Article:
When you do go out, nod to each person you see, as each of them is also undergoing this crisis.
Even as all the hard questions come at once remember that your body is your house, your home, your haven, your hideaway. Breathe air into your nose and out your mouth. Whether or not you are a parent, you are a parent to your own entire being.
Watching old tv shows can be medicine. Doing stretches can be medicine. Baking bread can be medicine. Cutting a loved one’s hair can be medicine. You can be medicine to others in ways you never expected, just by calling, just by video calling, just by writing an email, just by sending something in the mail, just by sitting at home and making friendship bracelets like you did at summer camp when a summer was a lifetime you’d live through with delight.
This is not a time of delight, not a time of light, though the light is returning to us each day, the days lasting longer, the birds arriving to build. So what can we build inside our own homes that wasn’t already there, and what can we build between each other that wasn’t already here so that the next time this happens to us we will have already built a home for this fear, we will have constructed the walls out of love and the doors out of love and we will sing to each other through the windows out of love and feel held, though untouched.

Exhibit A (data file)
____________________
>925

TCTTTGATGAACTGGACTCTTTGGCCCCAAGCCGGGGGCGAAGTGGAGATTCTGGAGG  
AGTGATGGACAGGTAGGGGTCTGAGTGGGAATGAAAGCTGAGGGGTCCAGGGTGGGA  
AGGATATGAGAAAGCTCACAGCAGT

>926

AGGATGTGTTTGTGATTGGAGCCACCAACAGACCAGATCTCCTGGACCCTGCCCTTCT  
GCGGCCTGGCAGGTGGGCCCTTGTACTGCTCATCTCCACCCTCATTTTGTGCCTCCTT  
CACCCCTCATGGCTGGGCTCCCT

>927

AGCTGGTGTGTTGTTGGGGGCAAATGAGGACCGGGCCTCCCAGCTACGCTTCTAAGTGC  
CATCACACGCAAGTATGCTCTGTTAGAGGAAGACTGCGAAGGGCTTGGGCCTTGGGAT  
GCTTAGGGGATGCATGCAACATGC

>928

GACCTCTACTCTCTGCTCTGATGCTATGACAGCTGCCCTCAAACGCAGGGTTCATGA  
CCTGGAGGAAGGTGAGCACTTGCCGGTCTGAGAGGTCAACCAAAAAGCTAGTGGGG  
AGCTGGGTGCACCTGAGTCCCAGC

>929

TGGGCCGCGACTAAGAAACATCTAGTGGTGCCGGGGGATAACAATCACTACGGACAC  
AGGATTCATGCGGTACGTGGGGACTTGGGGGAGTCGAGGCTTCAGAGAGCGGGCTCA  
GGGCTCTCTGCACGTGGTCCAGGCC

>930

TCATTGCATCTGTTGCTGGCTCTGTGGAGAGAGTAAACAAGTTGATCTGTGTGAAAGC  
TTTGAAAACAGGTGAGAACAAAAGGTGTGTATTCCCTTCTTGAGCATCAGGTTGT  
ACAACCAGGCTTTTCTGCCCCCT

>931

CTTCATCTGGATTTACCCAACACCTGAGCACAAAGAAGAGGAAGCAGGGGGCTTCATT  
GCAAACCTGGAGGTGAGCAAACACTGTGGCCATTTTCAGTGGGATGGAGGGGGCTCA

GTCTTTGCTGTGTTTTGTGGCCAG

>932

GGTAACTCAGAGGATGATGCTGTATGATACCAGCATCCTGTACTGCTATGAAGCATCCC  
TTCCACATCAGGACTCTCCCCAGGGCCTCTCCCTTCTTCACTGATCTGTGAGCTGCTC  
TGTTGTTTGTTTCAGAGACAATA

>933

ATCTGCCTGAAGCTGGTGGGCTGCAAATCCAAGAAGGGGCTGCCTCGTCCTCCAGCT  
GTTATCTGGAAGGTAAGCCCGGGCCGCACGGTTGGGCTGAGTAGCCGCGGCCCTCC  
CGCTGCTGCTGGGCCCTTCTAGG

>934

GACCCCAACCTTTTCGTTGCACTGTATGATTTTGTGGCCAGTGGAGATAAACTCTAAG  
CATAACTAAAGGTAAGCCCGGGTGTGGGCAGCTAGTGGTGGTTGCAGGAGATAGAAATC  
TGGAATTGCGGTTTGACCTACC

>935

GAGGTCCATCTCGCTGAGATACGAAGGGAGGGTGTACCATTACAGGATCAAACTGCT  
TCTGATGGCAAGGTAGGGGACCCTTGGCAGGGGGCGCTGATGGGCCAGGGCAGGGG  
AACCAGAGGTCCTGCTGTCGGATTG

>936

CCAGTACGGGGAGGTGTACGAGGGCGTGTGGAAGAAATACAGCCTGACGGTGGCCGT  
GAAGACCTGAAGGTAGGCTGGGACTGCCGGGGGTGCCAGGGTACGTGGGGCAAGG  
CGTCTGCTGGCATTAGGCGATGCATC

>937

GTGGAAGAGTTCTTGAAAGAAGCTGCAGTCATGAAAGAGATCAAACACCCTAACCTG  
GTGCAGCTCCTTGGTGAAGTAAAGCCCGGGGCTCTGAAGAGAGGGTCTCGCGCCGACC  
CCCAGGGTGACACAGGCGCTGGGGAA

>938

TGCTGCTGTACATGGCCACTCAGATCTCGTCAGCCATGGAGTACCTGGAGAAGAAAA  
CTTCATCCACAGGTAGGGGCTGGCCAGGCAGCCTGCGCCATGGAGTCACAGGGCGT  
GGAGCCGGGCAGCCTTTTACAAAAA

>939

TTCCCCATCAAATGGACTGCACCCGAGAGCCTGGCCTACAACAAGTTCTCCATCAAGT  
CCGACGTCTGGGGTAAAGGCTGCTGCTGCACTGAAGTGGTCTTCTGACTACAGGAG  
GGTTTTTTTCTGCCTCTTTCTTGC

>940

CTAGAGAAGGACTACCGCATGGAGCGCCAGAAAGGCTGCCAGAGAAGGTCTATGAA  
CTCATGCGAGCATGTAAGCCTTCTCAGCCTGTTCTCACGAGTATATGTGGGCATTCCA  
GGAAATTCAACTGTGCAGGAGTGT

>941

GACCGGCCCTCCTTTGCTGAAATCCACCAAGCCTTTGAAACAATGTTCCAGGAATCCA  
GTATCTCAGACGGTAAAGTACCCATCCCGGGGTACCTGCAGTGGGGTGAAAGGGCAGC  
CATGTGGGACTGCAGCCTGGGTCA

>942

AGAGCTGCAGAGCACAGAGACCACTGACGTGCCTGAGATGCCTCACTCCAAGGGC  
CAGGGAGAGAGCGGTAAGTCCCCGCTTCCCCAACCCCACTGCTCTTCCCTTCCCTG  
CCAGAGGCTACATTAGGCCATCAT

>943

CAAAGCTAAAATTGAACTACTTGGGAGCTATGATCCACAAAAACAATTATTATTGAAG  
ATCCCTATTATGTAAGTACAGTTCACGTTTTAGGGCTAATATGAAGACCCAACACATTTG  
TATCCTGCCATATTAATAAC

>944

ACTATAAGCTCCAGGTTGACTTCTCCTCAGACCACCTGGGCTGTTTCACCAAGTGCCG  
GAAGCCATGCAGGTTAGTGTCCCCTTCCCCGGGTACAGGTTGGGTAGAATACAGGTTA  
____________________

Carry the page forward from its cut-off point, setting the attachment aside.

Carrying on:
Angela Evancie: Taylor Mardis Katz.


Thanks so much for listening to the show. And thanks to everyone who shared their stories and writing.

If you’d like to tell us how you’re doing, or ask a question about coronavirus in Vermont or anything else, head to While you’re there you can also sign up for our newsletter. And we’re toying with the idea of a BLS Book Club, so let us know what you think about that.

Also, the Vermont Folklife Center has a new initiative for keeping Vermonters connected during the coming weeks and months. It’s called Listening in Place. You can learn more about their crowdsourced archive project and virtual story circles at

We’ll be back soon. And now more than ever: Be brave.

a grey line

This episode was produced by Angela Evancie, with editing by Lynne McCrea. Our digital producer is Elodie Reed, and we have engineering support from Chris Albertine. Ty Gibbons composed our theme music; other music by Blue Dot Sessions.

Angela Evancie serves as Vermont Public's Senior VP of Content, and was the Director of Engagement Journalism and the Executive Producer of Brave Little State, the station's people-powered journalism project.